Lakes and ditches cause a large share of the total emissions of methane, a greenhouse gas, in the Netherlands (estimated to be around 16%). Unfortunately, climate change amplifies this problem, because emissions of methane increase rapidly as water warms up. This happens especially in nutrient-rich water, where a lot of organic matter is present on the bottom that microorganisms convert into methane via the process of decay.
Free-floating aquatic plants (such as duckweed) and algae benefit the most from climate change, because they grow near the surface and so are the first to take advantage of the higher temperatures and higher CO2 concentrations in the air. Meanwhile, the increasingly heavy rainfall is causing even more fertiliser to leach from farmland into the surface water.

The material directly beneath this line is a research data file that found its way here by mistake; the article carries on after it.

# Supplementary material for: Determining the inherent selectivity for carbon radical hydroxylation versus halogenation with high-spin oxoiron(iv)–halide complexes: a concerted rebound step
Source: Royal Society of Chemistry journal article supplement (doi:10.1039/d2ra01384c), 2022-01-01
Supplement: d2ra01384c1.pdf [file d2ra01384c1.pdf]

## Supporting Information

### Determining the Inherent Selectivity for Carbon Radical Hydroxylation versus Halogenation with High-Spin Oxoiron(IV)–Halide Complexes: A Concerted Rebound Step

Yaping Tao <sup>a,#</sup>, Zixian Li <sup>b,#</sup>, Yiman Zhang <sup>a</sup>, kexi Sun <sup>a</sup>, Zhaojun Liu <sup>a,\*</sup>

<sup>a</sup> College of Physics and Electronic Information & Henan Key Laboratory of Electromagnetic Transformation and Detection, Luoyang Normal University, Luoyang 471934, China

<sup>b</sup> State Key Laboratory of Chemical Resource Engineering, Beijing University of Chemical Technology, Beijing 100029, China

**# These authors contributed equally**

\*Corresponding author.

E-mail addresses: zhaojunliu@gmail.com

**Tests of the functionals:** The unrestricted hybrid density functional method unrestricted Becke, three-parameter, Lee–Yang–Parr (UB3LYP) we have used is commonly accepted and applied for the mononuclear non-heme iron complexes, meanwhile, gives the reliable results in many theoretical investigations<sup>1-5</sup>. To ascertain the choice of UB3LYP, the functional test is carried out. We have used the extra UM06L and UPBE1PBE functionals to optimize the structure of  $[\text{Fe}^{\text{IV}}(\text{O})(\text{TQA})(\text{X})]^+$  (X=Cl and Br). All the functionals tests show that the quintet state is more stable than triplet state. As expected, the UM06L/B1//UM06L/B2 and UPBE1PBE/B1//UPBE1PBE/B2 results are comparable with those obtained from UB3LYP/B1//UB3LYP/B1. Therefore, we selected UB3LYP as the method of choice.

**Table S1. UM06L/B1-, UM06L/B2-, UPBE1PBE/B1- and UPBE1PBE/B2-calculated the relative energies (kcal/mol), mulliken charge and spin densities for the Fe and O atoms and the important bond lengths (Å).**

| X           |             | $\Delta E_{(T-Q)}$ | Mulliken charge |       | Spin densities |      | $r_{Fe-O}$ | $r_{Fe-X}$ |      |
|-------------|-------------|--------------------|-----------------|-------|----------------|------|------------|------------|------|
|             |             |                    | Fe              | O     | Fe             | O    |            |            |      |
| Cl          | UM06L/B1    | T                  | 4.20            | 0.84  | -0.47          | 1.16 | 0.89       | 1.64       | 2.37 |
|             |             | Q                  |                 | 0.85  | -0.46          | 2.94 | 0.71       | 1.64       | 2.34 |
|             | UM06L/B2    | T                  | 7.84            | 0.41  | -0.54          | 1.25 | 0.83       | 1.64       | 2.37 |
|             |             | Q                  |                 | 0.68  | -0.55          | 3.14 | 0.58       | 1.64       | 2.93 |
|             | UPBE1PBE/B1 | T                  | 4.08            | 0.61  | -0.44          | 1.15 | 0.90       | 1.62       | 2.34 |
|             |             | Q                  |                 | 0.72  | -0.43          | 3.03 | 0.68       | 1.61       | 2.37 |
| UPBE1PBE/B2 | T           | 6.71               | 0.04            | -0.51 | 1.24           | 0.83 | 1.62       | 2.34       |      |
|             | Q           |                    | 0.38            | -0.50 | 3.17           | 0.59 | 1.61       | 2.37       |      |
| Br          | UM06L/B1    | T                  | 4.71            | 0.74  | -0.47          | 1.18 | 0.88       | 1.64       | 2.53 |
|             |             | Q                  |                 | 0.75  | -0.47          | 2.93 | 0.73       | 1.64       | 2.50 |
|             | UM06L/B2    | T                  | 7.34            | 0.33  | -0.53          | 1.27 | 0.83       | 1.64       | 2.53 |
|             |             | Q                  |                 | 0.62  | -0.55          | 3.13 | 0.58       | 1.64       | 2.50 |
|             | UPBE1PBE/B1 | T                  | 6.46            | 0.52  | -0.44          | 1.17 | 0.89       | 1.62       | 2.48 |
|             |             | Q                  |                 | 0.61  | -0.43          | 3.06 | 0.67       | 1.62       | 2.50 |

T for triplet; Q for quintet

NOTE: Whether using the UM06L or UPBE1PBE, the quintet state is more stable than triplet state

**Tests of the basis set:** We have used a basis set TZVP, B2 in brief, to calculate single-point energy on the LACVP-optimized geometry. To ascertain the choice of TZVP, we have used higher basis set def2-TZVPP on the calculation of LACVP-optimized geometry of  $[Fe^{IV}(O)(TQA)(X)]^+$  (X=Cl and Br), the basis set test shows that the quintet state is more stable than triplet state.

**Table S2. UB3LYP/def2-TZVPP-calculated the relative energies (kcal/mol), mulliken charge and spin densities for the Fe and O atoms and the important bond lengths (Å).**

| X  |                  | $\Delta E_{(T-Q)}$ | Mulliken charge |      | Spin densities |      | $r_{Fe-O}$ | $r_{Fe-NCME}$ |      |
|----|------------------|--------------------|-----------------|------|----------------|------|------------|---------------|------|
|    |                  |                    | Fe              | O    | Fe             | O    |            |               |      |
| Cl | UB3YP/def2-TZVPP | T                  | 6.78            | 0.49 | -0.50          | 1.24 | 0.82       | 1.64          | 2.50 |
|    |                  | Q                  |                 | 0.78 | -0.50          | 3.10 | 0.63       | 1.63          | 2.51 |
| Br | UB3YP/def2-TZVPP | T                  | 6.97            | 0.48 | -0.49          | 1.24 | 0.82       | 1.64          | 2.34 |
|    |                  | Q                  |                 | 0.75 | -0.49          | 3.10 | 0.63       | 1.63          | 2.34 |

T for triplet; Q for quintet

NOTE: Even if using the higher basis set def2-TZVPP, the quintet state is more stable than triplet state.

However, in water where submerged plants predominate rather than free-floating plants, emissions increase much more slowly as the water warms up, researchers from Radboud University, the Netherlands Institute of Ecology (NIOO-KNAW), Wageningen University and IGB Berlin have revealed. They made their discovery by simulating Dutch waters in large tanks containing either mainly algae, free-floating plants or submerged plants. Half of the tanks were warmed by four °C, anticipating the expected degree of climate warming by the end of this century.